KATE BENNETT, CNN WHITE HOUSE CORRESPONDENT: Yeah, sure. This is something that Melania Trump is extremely private, as we know. So when her name came up earlier this week in I believe a Maggie Haberman report that he was blamed, that Trump was blaming Melania for his endorsement of Dr. Oz, because Melania Trump was a big Dr. Oz fan, something that he mentioned during his rallies, it's not secret that she liked him.

She doesn't like being in the news, so that caused some friction. Clearly, when Donald Trump is in a not-so-great mood, what a lot of people do is sort of avoid him. And that's what's happening now. However, tomorrow is Tiffany Trump's wedding, so it's a family

gathering where the patriarch is not exactly in the mood to perhaps host everybody, you know, for this event tomorrow for his daughter.

BURNETT: No. I mean, honestly, the post in recent days, it's not just talking about himself as a very stable genius, it's claiming credit for the rise and fall of Facebook and Twitter and screeds on Ron DeSantis and racist name calling of Glenn Youngkin. It has been -- it has been even for him a very, very high level.

I mean, so Jared and Ivanka are obviously going to be part of this event this weekend. And they were pivotal in his first term. Where do they stand on all of this?

BENNETT: Well, it's interesting that you say that, because they don't stand anywhere near Donald Trump, for most of the reasons that you just mentioned. These tirades, these mood swings, this obsession with the political culture. Lots of the people I spoke to for the story say that Jared and Ivanka are just simply not interested in dipping back into that political life. Not only do they have zero interest in joining a, perhaps, second go-around at the White House with Donald Trump, perhaps, they don't even want to campaign with him.

Ivanka was asked to participate in some midterm campaigning and she declined. And we didn't see her on the trail. This is a couple who though they were instrumental and ubiquitous presences in the West Wing during the Trump administration, want nothing to do if there is a next time unlike their father, they have moved on. So that's where they stand.

BURNETT: Yeah, well, it's going to be fascinating to see, obviously, with the wedding tomorrow, this, quote/unquote, big announcement next week, and a former president clearly in some sort of psychological turmoil. Thank you.

BENNETT: All right.

BURNETT: All right. Now, Trump's relationship with his former Vice President Mike Pence is also, well, strained is a kind word. Pence has been hinting at his hone potential White House run and has been detailing the final days in the White House in his new book out next week. According to an excerpt in "The Wall Street Journal," Trump told Pence that he was, quote, too honest, and would, quote, go down as a wimp.

CNN's Brian Todd has more on what we're learning about the Trump/Pence relationship.


BRIAN TODD, CNN CORRESPONDENT (voice-over): The former vice president's new accounts depict a convenient political partnership deteriorating in a matter of a few short weeks.

MIKE PENCE, FORMER VICE PRESIDENT: We forged a close personal relationship. But in the end came on difficult times. TODD: As he rolls out his book, "So help me God," excerpted by "The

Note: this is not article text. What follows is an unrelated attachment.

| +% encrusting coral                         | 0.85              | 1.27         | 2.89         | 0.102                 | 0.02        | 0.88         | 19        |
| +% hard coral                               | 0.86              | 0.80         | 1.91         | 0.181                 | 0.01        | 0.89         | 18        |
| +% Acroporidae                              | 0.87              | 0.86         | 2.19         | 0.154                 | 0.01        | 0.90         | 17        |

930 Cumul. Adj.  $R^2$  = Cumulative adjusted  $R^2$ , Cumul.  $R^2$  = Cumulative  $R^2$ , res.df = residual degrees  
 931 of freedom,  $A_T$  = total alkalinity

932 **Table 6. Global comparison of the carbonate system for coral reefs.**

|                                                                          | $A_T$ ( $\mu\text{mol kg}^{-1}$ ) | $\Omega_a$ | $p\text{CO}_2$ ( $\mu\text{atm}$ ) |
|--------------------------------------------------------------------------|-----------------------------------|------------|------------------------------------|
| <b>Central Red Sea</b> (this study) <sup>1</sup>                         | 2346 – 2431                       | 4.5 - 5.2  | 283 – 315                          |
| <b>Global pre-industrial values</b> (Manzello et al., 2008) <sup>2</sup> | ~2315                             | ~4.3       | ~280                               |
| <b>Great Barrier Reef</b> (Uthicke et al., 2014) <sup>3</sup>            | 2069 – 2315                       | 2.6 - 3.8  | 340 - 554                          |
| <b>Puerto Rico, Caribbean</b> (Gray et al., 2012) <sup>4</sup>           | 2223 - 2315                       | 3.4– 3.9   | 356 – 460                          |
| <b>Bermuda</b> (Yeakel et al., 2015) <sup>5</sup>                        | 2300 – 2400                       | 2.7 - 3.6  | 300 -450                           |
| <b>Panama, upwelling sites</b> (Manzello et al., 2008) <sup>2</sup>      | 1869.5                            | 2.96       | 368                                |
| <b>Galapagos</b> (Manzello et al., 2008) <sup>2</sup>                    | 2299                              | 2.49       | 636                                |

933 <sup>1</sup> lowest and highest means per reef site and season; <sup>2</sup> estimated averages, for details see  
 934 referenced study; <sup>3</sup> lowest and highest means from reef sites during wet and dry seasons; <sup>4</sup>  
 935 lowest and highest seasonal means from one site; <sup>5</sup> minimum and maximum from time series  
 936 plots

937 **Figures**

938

Wall Street Journal," Mike Pence for the first time reveals specific quotes from then President Donald Trump as Trump tried to persuade, cajole, and then arm twist Pence to reject the election results on January 6th.

In the weeks leading up to January 6th, Pence writes, he tried to convince Trump that he didn't have the authority to decide which electoral votes should count. Pence says Trump told him, quote, you're too honest. Hundreds of thousands are going to hate your guts. People are going to think you're stupid.

SUSAN GLASSER, CO-AUTHOR, "THE DIVIDER: TRUMP IN THE WHITE HOUSE": This is a classic Trump interaction. It's all about him. He has no interest in principle.

TODD: On the morning of January 6th, Pence writes, he got a call from the president. Pence says he reiterated that he didn't have the power to decide which votes should count. Quote, the president laid into me. You'll go down as a wimp, he said. If you do that, I made a big mistake five years ago.

MICHAEL D'ANTONIO, AUTHOR, "THE TRUTH ABOUT TRUMP": Trump always tries to eviscerate people that he deems to be disloyal, especially at key moments. So it's no surprise that he went after Mike Pence.

TODD: In these excerpts, Pence gives new detail on the harrowing moments when rioters inside the Capitol and outside were looking for him.


TODD: The Secret Service, Pence writes, wanted to get him out of the building. Pence says he argued with his lead agent. Quote, I pointed my finger at his chest and said, You're not hearing me. I'm not leaving. I'm not giving those people the sight of a 16-car motorcade speeding away from the Capitol.

They agreed to move the vice president to a more secure spot at the loading dock.

UNIDENTIFIED MALE: They were doing it in the blind. They didn't realize what was going on outside because the incident command structure had fallen apart at the U.S. Capitol. Pence's new book could be the opening salvo in a dual between the former allies for the 2024 Republican presidential nomination. For months, they've been sparring from a distance.